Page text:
Friday, September 04, 2015

Eulogy for Hugh Warren Reeves

"Are we true to ourselves, or do we live for the expectations of others? And if we are open and honest…can we ever truly be loved? Can we find the courage to release our deepest secrets…or in the end, are we all unknowable? Even to ourselves."
Believe it or not, that's a quote from a TV show. It gives voice to one of the great philosophical questions of all time: can we really know someone? Even ourselves? It's an argument that Augustine the famous third century Roman theologian took up. He proposed that only God can know us completely and I suppose that's true. But I knew my father - at least I knew him from the facets that I could see. Because like all of us my father was a precious stone fashioned by God and God's world into a many faceted jewel. A jewel of great complexity and beauty. I could see him only from my perspective - as a son and perhaps a friend. I could not see him as a husband, or a brother, or a colleague although I believe that in the way light shines into one facet of a diamond and refracts out the others I could get a glimpse of my father through your eyes and you of him through mine.

So today I am going to tell you about my father as I saw him, through the facets he presented to me. I hope that my memories shine through him and illuminate your memories of my "pop" Hugh Warren Reeves.

First and foremost my father was True. I have never and suppose I never will meet a truer man. He was honest when it mattered and honest when it was hard - I know there were times in his career where his unwillingness to shade or obscure the truth cost him professionally. Sometimes his truth could be irritating, even in my estimation petty but at crucial times he served me brutal honesty when I needed it so very much, I recall a time when I was in college and described to him a 'prank' that some of my friends had committed and that I thought was so very clever. We were walking together at the time and he stopped, looked me straight in the eye and said "anyone who does that is a blank" stating a certain word which I won't repeat. I had never heard my father use that word before. But it was the right word and I needed to hear it. He was true to his standards and true to me. I have never and could never live up to his.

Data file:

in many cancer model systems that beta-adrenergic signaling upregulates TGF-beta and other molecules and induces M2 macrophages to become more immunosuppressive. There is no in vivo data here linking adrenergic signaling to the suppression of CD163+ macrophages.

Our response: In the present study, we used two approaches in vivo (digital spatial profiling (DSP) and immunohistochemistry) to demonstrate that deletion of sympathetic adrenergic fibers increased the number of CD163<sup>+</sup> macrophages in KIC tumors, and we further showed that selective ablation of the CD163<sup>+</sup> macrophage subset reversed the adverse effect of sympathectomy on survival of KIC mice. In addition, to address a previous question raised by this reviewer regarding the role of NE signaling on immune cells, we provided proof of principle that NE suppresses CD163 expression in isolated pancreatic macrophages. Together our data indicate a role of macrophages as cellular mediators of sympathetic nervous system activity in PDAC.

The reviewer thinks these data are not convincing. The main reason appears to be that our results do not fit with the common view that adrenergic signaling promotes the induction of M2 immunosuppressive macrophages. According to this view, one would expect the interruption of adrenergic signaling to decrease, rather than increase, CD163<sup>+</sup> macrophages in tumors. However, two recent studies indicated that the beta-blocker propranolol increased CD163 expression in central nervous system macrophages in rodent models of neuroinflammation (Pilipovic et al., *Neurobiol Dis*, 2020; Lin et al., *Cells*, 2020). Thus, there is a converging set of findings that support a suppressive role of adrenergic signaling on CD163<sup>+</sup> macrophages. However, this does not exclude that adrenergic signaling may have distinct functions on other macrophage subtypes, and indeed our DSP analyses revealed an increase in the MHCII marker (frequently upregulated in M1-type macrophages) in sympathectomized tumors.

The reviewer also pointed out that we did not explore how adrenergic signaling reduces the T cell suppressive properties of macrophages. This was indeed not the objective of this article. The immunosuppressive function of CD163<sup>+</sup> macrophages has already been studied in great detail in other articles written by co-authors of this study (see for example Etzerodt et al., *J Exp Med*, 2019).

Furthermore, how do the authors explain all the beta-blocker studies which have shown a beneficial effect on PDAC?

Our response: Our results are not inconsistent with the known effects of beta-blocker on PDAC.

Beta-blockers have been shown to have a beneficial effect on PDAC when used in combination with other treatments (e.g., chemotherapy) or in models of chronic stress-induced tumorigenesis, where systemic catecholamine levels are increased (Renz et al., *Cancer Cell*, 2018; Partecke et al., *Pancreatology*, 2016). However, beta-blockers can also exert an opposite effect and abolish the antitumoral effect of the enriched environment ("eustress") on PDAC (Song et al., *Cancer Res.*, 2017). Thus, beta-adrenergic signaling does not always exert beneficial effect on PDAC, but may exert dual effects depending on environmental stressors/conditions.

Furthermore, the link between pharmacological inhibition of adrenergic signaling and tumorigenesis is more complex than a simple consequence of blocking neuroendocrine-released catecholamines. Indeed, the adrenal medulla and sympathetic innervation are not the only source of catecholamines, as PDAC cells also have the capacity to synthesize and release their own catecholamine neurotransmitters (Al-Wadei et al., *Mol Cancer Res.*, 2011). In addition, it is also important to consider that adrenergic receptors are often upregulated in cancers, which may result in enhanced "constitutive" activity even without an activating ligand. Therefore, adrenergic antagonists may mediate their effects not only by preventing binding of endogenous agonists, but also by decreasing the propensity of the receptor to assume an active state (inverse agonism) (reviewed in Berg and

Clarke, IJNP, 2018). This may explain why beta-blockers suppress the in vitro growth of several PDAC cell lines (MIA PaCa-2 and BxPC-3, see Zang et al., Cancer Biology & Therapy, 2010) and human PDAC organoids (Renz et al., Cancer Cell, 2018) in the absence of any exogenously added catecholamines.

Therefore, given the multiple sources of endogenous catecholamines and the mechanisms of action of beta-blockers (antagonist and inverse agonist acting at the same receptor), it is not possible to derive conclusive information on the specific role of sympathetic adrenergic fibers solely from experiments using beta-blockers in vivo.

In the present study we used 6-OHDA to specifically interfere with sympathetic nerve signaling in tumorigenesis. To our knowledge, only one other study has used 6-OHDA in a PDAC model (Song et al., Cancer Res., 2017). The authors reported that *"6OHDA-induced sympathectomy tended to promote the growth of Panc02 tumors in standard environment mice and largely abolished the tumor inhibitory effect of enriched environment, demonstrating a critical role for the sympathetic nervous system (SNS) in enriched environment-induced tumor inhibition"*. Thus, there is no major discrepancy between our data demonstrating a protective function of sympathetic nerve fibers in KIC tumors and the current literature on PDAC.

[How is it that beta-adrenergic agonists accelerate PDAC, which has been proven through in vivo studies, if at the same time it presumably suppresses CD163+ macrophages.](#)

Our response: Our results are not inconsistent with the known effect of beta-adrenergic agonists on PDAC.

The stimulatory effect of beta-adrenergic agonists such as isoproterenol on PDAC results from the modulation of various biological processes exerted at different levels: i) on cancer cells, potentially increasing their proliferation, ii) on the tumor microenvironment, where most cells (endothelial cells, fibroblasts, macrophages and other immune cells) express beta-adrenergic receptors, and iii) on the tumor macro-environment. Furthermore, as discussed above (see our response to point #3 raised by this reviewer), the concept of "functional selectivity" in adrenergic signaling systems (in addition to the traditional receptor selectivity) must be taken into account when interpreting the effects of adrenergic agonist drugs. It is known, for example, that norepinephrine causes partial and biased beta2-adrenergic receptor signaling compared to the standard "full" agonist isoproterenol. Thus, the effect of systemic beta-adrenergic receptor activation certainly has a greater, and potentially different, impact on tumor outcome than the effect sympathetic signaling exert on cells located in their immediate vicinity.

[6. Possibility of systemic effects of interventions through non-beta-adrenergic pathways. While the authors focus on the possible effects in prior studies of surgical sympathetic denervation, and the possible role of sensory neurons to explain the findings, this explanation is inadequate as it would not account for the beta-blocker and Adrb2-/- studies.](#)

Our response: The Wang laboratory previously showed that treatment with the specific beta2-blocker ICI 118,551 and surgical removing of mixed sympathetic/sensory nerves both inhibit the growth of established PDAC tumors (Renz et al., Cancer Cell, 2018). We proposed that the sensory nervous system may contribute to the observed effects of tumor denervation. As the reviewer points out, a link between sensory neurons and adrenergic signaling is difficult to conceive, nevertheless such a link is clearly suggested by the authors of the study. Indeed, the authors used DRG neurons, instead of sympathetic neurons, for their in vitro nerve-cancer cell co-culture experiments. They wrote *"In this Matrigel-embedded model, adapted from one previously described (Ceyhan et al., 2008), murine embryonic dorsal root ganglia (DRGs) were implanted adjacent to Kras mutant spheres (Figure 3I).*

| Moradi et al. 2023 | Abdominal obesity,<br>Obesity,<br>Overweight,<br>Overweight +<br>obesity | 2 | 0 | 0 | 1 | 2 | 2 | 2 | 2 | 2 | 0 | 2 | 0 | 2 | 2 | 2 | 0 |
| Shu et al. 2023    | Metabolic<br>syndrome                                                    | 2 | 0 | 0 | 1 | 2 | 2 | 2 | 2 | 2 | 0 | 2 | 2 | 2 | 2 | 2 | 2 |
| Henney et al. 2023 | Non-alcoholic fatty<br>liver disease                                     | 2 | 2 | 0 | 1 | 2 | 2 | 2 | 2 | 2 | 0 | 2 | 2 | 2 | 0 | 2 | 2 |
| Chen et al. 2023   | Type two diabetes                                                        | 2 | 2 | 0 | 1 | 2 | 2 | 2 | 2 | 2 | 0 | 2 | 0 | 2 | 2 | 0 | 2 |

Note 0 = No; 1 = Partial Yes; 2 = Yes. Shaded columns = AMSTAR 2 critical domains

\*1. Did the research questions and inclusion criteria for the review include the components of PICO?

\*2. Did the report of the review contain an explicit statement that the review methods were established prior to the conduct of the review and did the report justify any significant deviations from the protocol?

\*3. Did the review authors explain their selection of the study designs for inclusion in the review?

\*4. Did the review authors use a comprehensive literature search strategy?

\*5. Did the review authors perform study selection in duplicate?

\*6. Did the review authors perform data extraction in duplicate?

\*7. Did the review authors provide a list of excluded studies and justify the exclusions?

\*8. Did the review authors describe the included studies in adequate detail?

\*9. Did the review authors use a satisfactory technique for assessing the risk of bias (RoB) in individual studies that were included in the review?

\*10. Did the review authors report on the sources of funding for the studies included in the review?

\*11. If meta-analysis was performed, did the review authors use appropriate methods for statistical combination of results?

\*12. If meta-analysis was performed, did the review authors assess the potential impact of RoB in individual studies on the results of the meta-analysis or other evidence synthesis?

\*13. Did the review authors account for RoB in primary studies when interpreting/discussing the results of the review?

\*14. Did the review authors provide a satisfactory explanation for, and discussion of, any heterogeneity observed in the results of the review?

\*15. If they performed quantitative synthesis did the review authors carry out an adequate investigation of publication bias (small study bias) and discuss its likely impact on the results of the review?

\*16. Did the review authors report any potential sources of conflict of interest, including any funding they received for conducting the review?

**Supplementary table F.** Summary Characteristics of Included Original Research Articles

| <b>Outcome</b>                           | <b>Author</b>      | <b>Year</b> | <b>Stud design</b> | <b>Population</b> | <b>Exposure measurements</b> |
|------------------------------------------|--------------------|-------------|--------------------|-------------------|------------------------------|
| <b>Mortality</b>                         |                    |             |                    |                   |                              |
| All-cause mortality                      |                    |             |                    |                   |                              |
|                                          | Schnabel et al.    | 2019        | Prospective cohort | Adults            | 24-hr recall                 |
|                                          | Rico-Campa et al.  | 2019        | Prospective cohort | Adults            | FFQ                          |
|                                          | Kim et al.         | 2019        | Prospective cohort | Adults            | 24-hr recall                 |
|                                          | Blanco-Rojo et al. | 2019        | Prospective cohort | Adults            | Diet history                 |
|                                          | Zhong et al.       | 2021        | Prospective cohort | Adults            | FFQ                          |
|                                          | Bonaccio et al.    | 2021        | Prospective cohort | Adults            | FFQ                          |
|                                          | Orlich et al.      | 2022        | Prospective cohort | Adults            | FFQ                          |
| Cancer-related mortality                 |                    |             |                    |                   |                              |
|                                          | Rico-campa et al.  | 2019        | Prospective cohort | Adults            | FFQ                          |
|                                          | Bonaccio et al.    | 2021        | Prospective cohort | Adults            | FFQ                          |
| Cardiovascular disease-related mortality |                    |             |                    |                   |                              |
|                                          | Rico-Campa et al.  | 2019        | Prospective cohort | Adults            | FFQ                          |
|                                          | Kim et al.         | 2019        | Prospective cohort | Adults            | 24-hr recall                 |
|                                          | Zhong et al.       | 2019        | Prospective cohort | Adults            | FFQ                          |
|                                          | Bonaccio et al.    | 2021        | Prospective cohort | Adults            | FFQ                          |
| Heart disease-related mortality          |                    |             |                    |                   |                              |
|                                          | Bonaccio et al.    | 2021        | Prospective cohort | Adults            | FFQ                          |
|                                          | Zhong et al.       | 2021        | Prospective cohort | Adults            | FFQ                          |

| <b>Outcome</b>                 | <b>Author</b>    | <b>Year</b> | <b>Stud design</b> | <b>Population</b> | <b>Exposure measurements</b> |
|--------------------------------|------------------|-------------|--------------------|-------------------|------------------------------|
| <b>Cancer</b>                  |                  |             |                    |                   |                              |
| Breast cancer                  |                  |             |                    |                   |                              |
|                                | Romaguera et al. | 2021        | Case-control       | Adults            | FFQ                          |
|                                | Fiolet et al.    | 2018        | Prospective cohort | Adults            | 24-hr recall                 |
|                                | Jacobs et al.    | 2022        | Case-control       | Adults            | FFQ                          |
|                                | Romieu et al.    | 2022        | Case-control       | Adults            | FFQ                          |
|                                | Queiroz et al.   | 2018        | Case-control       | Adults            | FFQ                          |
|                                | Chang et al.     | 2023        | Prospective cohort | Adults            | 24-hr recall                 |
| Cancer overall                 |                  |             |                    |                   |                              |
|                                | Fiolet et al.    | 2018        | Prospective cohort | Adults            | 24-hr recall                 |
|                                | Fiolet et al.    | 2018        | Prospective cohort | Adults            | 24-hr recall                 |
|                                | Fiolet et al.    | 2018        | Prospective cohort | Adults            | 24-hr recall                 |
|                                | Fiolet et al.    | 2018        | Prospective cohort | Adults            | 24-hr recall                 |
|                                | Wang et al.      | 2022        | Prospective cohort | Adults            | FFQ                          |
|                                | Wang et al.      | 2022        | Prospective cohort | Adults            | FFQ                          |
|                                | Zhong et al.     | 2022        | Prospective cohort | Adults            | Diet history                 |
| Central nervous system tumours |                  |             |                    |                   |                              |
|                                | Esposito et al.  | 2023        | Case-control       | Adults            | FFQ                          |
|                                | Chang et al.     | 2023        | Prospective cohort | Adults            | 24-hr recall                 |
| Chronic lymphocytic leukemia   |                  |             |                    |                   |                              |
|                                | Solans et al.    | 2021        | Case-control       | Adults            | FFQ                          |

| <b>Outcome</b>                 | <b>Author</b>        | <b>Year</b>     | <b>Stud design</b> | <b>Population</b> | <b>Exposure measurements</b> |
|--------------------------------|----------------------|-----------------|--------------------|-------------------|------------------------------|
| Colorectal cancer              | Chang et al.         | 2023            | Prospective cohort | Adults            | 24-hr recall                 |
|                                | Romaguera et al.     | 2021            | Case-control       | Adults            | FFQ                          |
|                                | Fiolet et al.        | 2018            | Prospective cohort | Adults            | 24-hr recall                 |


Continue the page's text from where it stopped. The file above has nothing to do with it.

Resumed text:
My father was indega, indegaft, indefatigable - well, I really can't pronounce that word - he was relentless, he never gave up or gave in. Never gave up on himself and he never gave up on us. He had setbacks and frustrations like we all do but they never appeared to affect his efforts on behalf of those he had made commitments to - he just kept on plugging away. When we moved to Singapore my brother and I signed up for little league. We were without a doubt, the worst baseball players on our respective teams. So rather than let us languish on the bench between short stints in Right Field pop got up before dawn to go to work so he could come home early and practice with us before it got dark which in equatorial Singapore was at six PM sharp, every day of the year. In all the months he did that I can't recall seeing any other parent doing the same for their children. Pop didn't give up.